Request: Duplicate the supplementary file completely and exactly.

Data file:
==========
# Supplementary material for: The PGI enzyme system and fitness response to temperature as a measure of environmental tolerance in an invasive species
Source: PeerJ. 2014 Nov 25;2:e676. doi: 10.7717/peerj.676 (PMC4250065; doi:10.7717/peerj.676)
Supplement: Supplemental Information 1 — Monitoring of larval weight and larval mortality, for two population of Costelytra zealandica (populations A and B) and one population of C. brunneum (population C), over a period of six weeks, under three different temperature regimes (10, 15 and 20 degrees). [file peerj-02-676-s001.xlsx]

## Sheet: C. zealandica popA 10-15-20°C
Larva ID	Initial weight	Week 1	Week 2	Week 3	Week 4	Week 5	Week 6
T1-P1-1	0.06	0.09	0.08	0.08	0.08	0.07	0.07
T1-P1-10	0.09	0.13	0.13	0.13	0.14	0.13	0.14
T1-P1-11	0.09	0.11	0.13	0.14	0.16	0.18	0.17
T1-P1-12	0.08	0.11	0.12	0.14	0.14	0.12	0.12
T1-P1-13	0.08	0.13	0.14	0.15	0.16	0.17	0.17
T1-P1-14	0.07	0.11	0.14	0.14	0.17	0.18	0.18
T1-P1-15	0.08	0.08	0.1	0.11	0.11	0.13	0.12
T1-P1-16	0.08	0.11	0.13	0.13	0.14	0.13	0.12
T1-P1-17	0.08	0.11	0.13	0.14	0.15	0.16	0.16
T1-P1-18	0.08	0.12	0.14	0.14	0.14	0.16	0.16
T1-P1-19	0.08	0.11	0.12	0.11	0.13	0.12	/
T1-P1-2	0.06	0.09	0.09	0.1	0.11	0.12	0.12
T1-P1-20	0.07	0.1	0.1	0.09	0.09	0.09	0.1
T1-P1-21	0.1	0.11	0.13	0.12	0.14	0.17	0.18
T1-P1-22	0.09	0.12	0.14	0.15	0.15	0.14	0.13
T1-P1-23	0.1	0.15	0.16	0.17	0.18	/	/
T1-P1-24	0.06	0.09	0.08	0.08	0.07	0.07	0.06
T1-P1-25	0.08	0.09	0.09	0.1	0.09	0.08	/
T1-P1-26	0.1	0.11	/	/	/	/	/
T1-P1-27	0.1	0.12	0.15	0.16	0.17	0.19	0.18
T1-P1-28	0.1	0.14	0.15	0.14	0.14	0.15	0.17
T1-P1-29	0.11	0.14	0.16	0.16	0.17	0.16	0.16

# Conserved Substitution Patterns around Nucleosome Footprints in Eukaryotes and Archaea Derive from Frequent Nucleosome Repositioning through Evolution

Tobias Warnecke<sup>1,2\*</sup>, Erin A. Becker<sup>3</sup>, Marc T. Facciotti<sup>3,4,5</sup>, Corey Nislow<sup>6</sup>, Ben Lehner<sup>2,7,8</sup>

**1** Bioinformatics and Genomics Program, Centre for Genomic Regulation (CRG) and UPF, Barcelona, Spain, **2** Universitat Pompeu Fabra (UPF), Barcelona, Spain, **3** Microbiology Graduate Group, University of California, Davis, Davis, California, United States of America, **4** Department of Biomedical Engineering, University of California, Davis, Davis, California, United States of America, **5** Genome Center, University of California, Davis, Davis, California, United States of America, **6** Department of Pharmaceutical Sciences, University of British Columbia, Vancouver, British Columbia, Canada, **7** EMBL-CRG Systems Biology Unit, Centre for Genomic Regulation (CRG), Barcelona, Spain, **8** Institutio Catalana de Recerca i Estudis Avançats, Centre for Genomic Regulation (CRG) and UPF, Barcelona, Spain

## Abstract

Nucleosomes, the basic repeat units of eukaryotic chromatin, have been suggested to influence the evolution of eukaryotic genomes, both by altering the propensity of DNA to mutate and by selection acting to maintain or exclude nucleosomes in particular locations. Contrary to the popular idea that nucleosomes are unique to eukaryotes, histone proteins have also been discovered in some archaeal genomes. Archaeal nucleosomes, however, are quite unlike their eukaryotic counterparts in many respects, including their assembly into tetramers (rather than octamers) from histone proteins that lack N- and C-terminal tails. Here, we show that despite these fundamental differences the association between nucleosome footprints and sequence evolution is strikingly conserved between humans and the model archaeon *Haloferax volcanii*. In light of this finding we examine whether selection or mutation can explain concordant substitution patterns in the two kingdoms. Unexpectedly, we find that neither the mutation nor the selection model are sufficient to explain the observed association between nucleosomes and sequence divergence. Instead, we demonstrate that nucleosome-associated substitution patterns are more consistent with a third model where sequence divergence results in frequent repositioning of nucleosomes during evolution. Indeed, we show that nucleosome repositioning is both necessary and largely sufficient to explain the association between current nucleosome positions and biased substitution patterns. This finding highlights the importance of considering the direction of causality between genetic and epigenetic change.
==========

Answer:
# Supplementary material for: The PGI enzyme system and fitness response to temperature as a measure of environmental tolerance in an invasive species
Source: PeerJ. 2014 Nov 25;2:e676. doi: 10.7717/peerj.676 (PMC4250065; doi:10.7717/peerj.676)
Supplement: Supplemental Information 1 — Monitoring of larval weight and larval mortality, for two population of Costelytra zealandica (populations A and B) and one population of C. brunneum (population C), over a period of six weeks, under three different temperature regimes (10, 15 and 20 degrees). [file peerj-02-676-s001.xlsx]

## Sheet: C. zealandica popA 10-15-20°C
Larva ID	Initial weight	Week 1	Week 2	Week 3	Week 4	Week 5	Week 6
T1-P1-1	0.06	0.09	0.08	0.08	0.08	0.07	0.07
T1-P1-10	0.09	0.13	0.13	0.13	0.14	0.13	0.14
T1-P1-11	0.09	0.11	0.13	0.14	0.16	0.18	0.17
T1-P1-12	0.08	0.11	0.12	0.14	0.14	0.12	0.12
T1-P1-13	0.08	0.13	0.14	0.15	0.16	0.17	0.17
T1-P1-14	0.07	0.11	0.14	0.14	0.17	0.18	0.18
T1-P1-15	0.08	0.08	0.1	0.11	0.11	0.13	0.12
T1-P1-16	0.08	0.11	0.13	0.13	0.14	0.13	0.12
T1-P1-17	0.08	0.11	0.13	0.14	0.15	0.16	0.16
T1-P1-18	0.08	0.12	0.14	0.14	0.14	0.16	0.16
T1-P1-19	0.08	0.11	0.12	0.11	0.13	0.12	/
T1-P1-2	0.06	0.09	0.09	0.1	0.11	0.12	0.12
T1-P1-20	0.07	0.1	0.1	0.09	0.09	0.09	0.1
T1-P1-21	0.1	0.11	0.13	0.12	0.14	0.17	0.18
T1-P1-22	0.09	0.12	0.14	0.15	0.15	0.14	0.13
T1-P1-23	0.1	0.15	0.16	0.17	0.18	/	/
T1-P1-24	0.06	0.09	0.08	0.08	0.07	0.07	0.06
T1-P1-25	0.08	0.09	0.09	0.1	0.09	0.08	/
T1-P1-26	0.1	0.11	/	/	/	/	/
T1-P1-27	0.1	0.12	0.15	0.16	0.17	0.19	0.18
T1-P1-28	0.1	0.14	0.15	0.14	0.14	0.15	0.17
T1-P1-29	0.11	0.14	0.16	0.16	0.17	0.16	0.16

# Conserved Substitution Patterns around Nucleosome Footprints in Eukaryotes and Archaea Derive from Frequent Nucleosome Repositioning through Evolution

Tobias Warnecke<sup>1,2\*</sup>, Erin A. Becker<sup>3</sup>, Marc T. Facciotti<sup>3,4,5</sup>, Corey Nislow<sup>6</sup>, Ben Lehner<sup>2,7,8</sup>

**1** Bioinformatics and Genomics Program, Centre for Genomic Regulation (CRG) and UPF, Barcelona, Spain, **2** Universitat Pompeu Fabra (UPF), Barcelona, Spain, **3** Microbiology Graduate Group, University of California, Davis, Davis, California, United States of America, **4** Department of Biomedical Engineering, University of California, Davis, Davis, California, United States of America, **5** Genome Center, University of California, Davis, Davis, California, United States of America, **6** Department of Pharmaceutical Sciences, University of British Columbia, Vancouver, British Columbia, Canada, **7** EMBL-CRG Systems Biology Unit, Centre for Genomic Regulation (CRG), Barcelona, Spain, **8** Institutio Catalana de Recerca i Estudis Avançats, Centre for Genomic Regulation (CRG) and UPF, Barcelona, Spain

## Abstract

Nucleosomes, the basic repeat units of eukaryotic chromatin, have been suggested to influence the evolution of eukaryotic genomes, both by altering the propensity of DNA to mutate and by selection acting to maintain or exclude nucleosomes in particular locations. Contrary to the popular idea that nucleosomes are unique to eukaryotes, histone proteins have also been discovered in some archaeal genomes. Archaeal nucleosomes, however, are quite unlike their eukaryotic counterparts in many respects, including their assembly into tetramers (rather than octamers) from histone proteins that lack N- and C-terminal tails. Here, we show that despite these fundamental differences the association between nucleosome footprints and sequence evolution is strikingly conserved between humans and the model archaeon *Haloferax volcanii*. In light of this finding we examine whether selection or mutation can explain concordant substitution patterns in the two kingdoms. Unexpectedly, we find that neither the mutation nor the selection model are sufficient to explain the observed association between nucleosomes and sequence divergence. Instead, we demonstrate that nucleosome-associated substitution patterns are more consistent with a third model where sequence divergence results in frequent repositioning of nucleosomes during evolution. Indeed, we show that nucleosome repositioning is both necessary and largely sufficient to explain the association between current nucleosome positions and biased substitution patterns. This finding highlights the importance of considering the direction of causality between genetic and epigenetic change.